The best advice I’ve ever received in recent years has not been “have another gin and tonic” (not a bad try though, ALL my friends) or “get a rich boyfriend” (thanks, Dad). Like most of the wisest gobbets of knowledge it came from someone I didn’t particularly want to hear it from.
And that pearl of wisdom was: take baby steps.
No, this was not said in an attempt to coax me out of bed when I’m late for work with a raging hangover and mild confusion as to when and how I acquired the over smiley-rubber stress pig staring at me. It was meant in a metaphorical sense.
I have suffered from depression for a lot of my life. And I refuse to be ashamed to admit it; both the illness and stigma around it are serious problems, and that shouldn’t be the case. One thing I can get embarrassed about though, is asking for help. So it was only about a year ago I actually decided that it might be in my best interests to talk about my feelings to a trained professional.
So there I was sulkily dragging myself to cognitive behavioural therapy sessions with someone I was unreasonably resentful of because I was embarrassed, when, that breakthrough comment happened. “You need to set yourself achievable goals. Take small steps.”
He effectively reminded me that you can’t run before you can walk and that if you break things down into small manageable chunks, everything will seem less daunting and more achievable.
It sounds like such a silly, simple thing, but it has managed to change my whole perspective on life.
I had been feeling so inadequate and down on myself – I thought I should be more successful by now and I’m far from the only person to feel like that.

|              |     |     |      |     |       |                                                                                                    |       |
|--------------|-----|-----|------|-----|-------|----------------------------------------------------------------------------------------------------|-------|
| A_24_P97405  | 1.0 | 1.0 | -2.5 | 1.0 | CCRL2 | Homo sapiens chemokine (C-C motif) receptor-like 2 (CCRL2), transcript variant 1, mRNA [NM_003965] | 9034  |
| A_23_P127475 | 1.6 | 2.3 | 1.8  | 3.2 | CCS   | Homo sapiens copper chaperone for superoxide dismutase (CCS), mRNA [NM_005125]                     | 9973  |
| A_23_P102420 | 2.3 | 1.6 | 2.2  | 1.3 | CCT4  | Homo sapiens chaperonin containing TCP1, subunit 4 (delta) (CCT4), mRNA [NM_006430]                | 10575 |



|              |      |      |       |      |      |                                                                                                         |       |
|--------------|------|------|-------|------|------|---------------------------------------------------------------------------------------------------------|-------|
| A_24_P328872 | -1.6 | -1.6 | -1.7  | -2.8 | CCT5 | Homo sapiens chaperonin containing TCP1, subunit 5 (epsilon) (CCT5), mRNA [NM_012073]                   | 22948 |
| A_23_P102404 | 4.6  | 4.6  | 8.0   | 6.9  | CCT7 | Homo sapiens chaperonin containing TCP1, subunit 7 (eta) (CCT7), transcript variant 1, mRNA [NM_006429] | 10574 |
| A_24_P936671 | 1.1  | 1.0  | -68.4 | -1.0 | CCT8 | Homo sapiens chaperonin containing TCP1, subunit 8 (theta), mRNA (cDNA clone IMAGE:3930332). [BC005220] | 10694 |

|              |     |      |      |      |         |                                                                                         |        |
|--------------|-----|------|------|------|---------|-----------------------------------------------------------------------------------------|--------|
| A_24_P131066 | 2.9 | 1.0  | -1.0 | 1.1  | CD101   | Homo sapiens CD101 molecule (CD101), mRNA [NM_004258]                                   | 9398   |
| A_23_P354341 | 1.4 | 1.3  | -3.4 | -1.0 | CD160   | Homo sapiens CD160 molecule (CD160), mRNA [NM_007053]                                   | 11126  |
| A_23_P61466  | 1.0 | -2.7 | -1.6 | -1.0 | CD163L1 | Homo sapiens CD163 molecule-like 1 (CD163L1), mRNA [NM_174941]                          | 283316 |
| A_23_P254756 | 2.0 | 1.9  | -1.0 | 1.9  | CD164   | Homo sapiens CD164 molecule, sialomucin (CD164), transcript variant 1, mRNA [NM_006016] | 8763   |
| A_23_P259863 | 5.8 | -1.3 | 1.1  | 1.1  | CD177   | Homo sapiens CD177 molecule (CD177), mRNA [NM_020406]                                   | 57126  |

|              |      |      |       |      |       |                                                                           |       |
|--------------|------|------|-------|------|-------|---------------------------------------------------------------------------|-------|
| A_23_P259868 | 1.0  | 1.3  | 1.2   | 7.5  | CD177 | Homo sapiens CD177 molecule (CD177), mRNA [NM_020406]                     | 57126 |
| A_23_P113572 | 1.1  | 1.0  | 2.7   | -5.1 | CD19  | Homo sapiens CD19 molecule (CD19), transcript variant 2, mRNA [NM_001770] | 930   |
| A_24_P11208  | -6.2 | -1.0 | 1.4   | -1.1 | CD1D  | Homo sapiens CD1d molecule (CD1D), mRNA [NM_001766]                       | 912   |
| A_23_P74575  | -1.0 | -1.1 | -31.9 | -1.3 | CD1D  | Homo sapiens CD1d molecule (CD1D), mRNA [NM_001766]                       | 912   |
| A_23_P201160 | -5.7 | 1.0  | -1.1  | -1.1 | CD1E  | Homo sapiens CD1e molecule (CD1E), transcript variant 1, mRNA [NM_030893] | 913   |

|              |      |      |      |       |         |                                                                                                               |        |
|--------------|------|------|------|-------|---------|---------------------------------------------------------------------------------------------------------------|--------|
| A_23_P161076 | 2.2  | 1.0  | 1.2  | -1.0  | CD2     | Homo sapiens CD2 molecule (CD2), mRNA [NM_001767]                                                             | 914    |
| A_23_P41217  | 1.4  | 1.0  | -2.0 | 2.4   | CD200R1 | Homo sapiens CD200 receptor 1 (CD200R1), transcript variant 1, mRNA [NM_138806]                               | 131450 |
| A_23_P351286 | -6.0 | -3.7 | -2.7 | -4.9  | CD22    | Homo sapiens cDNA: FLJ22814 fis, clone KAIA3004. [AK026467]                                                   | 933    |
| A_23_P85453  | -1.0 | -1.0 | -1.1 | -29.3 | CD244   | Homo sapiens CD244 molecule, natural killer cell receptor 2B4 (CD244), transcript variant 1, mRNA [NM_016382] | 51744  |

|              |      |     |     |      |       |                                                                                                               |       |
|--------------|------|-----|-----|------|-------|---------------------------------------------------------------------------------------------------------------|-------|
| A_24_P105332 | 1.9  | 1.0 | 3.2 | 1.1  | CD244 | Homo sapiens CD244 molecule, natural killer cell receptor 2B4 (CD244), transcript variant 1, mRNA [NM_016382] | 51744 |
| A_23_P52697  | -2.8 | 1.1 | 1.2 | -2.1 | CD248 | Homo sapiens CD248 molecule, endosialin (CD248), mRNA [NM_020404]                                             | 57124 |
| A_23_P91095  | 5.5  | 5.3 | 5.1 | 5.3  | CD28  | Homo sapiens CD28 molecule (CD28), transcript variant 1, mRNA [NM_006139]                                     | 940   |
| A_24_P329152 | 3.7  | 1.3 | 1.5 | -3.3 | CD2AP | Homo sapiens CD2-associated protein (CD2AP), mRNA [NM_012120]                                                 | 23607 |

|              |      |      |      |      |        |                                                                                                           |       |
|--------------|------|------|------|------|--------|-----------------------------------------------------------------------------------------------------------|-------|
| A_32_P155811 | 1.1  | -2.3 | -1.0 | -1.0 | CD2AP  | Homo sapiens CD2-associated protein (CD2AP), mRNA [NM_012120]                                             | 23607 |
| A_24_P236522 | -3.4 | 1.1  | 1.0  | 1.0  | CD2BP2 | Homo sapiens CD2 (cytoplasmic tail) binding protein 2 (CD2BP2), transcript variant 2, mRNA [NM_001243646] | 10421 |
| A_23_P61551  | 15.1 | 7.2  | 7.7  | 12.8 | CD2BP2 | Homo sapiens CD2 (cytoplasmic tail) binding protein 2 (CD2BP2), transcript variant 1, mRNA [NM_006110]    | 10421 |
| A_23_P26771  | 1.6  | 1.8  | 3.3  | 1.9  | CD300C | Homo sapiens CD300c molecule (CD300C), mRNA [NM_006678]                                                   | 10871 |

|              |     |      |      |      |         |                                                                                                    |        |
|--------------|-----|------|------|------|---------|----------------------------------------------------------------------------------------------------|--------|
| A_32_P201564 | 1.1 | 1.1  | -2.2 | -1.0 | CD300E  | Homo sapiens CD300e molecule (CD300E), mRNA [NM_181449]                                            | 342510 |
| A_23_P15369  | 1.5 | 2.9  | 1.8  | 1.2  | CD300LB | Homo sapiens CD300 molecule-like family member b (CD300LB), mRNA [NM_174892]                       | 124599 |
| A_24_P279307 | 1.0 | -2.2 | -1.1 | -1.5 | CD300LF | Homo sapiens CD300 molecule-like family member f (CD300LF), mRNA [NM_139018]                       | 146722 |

My theory is that we live in a society that moves so fast and encourages people to have it all as soon as possible. Programmes such as The X Factor thrive on pushing forward the youngest contestants they can and claiming to propel them to superstardom. Our whole celebrity culture is mainly focused on young, good-looking stars. And having their success thrust in our face constantly through the media is panic-inducing. Not many people can compete with the likes of Emma Watson or Jennifer Lawrence. Social media plays its role too – Facebook is a platform for people to constantly show off and we all worry about looking our best, our most successful on there. Just look at the number of selfies and statuses carefully tailored to make the writer look like they are having the time of their life on your news feed. LinkedIn is always a kick in the CV teeth, too.
Instant communication methods and the celebration of youth combined with an economic climate that is dire and lacking in job opportunities just isn’t a great recipe for most people’s self-esteem.
However, the advice that I should take baby steps, changed my life. Changing my goals from becoming super fittest person ever who does exercise every day at least once to go to two martial arts sessions a week and go from there, had an astounding effect. I was more likely to just show up in the first place as my feeble limbs were safe in the knowledge that this pain was only going to be brief.
Instead of fretting about not being a Pulitzer Prize winning columnist for a national paper, I took to focusing on the small things I could be better at in my job. And, lo and behold, my job satisfaction rose when my improvements were acknowledged.
Now, I have applied that as much as I can to every area of my life (I do still of course relapse).
So thank you for that advice, poor man who had to deal with me scowling at him once a week. I now feel better than I have ever been.